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Robert Davis


180-davis

Newark

Established Professional
Literature: Creative Nonfiction

By Christopher Yasiejko

His parents bought the 60-acre horse farm, near Newark, in 1940. They moved there in ’42, after Robert Davis’ older brother was born. To this day, Davis calls Hillandale home. The horses are long gone, as are the families who rented the house in which he now lives.

The farm’s two houses, two barns and spring-fed pond have marked the lives of Davis’ family—each year from 1950-55, his brother would use a Bowie knife to carve his initials and the year into a gray birch beside a creek—but before long, Hillandale will not be Davis’ home.

In a few years, a 16-bed hospice will be steward of the land. And Davis’ memoir-in-progress, “Hillandale: A personal history of a place,” will seem to him all the more poignant.

Not long ago, the stock market punished Davis’ portfolio, so he and his brother had few options but to sell the farm. Davis feels fortunate to have found a buyer—Delaware Hospice—that won’t turn the land into another development.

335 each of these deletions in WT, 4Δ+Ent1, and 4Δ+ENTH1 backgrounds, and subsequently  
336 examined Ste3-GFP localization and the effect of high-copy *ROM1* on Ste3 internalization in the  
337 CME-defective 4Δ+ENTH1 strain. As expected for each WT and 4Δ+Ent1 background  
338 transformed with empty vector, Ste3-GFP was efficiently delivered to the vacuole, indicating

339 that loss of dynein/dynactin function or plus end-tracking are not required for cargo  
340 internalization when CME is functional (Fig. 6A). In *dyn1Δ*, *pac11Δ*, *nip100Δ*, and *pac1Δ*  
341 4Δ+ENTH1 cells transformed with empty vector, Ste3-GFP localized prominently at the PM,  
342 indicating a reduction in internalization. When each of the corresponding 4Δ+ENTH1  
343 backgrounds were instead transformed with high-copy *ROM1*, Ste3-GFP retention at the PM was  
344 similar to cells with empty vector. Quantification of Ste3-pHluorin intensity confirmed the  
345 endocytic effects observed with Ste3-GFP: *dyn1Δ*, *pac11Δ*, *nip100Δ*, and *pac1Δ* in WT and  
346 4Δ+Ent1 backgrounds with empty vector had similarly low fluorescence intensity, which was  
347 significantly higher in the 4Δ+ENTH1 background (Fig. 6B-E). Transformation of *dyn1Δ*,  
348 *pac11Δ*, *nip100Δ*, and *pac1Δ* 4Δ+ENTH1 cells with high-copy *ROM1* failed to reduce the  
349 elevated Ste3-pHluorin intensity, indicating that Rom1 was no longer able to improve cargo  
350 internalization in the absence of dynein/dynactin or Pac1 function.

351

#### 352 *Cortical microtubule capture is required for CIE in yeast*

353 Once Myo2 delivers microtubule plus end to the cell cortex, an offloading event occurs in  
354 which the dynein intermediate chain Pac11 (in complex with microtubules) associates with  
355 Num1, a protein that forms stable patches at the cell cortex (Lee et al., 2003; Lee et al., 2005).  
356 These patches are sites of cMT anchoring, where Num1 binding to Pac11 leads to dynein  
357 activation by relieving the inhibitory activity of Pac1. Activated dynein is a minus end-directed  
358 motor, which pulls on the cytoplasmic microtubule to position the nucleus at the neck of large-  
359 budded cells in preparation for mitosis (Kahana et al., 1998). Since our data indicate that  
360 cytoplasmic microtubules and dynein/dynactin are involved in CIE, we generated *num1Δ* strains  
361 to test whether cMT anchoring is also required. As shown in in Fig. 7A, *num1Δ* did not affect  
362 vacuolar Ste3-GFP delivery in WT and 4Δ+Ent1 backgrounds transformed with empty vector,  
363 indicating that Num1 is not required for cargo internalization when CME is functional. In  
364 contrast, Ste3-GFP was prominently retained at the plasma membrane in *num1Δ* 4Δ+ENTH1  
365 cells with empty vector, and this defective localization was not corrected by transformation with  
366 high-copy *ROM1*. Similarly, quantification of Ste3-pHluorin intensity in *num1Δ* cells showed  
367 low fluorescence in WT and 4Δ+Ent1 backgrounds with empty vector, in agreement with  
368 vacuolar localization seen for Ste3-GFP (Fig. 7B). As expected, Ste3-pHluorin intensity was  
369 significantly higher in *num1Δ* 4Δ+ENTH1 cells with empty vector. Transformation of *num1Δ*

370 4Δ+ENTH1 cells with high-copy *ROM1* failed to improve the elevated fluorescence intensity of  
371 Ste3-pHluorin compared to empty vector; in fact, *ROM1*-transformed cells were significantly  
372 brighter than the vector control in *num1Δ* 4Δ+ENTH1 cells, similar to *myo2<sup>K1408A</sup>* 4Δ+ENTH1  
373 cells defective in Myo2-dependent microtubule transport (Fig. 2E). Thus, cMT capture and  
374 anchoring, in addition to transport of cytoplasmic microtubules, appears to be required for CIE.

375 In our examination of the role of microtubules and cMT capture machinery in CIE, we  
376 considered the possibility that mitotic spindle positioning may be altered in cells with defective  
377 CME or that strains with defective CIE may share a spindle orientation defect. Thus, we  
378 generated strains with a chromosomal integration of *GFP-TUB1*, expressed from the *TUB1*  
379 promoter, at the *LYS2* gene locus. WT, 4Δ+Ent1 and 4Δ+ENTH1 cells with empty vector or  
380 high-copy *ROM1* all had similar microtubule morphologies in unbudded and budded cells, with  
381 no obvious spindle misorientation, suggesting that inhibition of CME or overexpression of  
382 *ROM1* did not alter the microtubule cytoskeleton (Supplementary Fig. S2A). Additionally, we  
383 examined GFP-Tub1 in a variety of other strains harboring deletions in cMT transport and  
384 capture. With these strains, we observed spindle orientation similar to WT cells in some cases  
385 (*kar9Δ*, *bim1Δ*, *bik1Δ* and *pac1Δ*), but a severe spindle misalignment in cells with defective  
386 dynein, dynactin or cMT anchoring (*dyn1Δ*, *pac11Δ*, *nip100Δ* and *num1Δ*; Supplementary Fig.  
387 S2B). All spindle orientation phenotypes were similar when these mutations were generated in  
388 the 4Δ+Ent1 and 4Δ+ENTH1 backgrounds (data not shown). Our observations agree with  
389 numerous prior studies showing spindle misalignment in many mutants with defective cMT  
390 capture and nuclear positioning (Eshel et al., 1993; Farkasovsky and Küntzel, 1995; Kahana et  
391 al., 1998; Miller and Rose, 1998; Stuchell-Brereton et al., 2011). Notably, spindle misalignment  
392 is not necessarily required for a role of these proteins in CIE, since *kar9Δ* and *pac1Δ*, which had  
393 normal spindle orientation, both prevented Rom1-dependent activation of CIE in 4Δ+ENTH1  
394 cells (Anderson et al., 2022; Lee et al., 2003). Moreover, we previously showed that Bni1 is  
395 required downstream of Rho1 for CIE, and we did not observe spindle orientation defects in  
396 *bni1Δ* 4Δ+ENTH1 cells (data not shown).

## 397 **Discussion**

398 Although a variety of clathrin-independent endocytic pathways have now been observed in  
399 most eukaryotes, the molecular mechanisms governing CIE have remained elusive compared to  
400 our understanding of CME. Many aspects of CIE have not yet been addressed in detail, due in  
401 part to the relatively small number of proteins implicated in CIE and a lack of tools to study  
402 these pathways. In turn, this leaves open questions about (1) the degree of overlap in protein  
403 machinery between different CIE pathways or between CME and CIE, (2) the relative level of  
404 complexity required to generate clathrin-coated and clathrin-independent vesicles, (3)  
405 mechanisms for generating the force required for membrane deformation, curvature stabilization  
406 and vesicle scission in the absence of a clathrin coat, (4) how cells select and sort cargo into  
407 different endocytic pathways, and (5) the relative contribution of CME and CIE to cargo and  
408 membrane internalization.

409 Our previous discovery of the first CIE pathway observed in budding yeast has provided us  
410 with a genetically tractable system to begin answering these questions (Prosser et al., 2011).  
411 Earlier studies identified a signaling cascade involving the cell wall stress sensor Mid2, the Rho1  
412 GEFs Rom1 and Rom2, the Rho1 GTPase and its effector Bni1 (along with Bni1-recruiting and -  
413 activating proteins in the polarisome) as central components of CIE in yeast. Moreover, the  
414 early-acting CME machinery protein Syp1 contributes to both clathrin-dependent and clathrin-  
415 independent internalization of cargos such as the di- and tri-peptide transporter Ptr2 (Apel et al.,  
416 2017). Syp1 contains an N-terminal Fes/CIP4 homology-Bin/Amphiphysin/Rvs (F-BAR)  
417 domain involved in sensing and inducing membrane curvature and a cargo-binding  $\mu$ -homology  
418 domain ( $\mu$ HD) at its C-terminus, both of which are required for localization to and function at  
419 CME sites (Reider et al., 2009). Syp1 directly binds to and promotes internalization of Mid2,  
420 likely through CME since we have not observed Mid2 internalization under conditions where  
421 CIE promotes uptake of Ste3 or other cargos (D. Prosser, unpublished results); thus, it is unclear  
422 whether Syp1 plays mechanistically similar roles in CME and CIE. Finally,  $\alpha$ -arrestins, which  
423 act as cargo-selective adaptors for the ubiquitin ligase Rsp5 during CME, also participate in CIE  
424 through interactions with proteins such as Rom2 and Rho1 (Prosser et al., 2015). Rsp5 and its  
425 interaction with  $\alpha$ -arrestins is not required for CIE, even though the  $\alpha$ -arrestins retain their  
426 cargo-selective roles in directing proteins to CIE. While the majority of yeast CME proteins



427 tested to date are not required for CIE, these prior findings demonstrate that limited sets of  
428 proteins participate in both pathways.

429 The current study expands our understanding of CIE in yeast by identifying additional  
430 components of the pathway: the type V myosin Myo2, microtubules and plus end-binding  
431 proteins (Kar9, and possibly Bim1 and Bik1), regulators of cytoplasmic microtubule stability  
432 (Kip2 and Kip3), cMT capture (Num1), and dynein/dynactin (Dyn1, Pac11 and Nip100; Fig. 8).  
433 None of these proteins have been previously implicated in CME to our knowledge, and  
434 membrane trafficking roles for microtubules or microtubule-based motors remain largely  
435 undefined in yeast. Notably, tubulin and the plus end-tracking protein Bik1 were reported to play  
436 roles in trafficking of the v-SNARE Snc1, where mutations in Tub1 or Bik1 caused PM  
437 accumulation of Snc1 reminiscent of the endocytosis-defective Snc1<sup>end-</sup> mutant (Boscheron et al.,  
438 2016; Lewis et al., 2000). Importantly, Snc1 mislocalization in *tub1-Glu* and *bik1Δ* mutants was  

Hillandale

I live on an oasis, in the Chemical Capital of the World, where banks and Fortune 500 companies have their corporate headquarters and land is at a premium. I watch the sun rise over a shopping center and set over a woods. On my walks I linger over the views, recalling when the dairymen sold their land and moved to Florida, or into the townhouses where their silos once stood.

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He began writing “Hillandale” before this transpired. It’s set in and around 1989, but the memoir, in a very personal way, has reanimated Davis’ youth.

“The whole process of writing has awakened parts of my latent memory,” he says. “So I’ll remember events from my childhood which I don’t believe I would’ve before I started writing.

“And oftentimes the practice of writing leads me to that particular memory that I’ve forgotten. Awakens it. $hellip;

“I’ve lived on this farm all my life, and so I have a very strong sense of place. And I think because of living in one place your entire life, and having roots there, the memories of my childhood are so very vivid.”

The book, he says, is about three-quarters complete. And even as his time on the farm ebbs, Davis sees possibility in the words of Ernest Hemingway.

“He says—I’m paraphrasing here—but he says, ‘I couldn’t write about Michigan until I lived in Paris,'” Davis says. “When I move from the farm where I grew up and have lived all my life to another place, maybe I’ll have a new perspective that will help me write about my past.”

Davis, who lives in Newark, was awarded a 2009 Individual Artist Fellowship as an Established Professional from the Delaware Division of the Arts in the Literature-Creative Nonfiction category.


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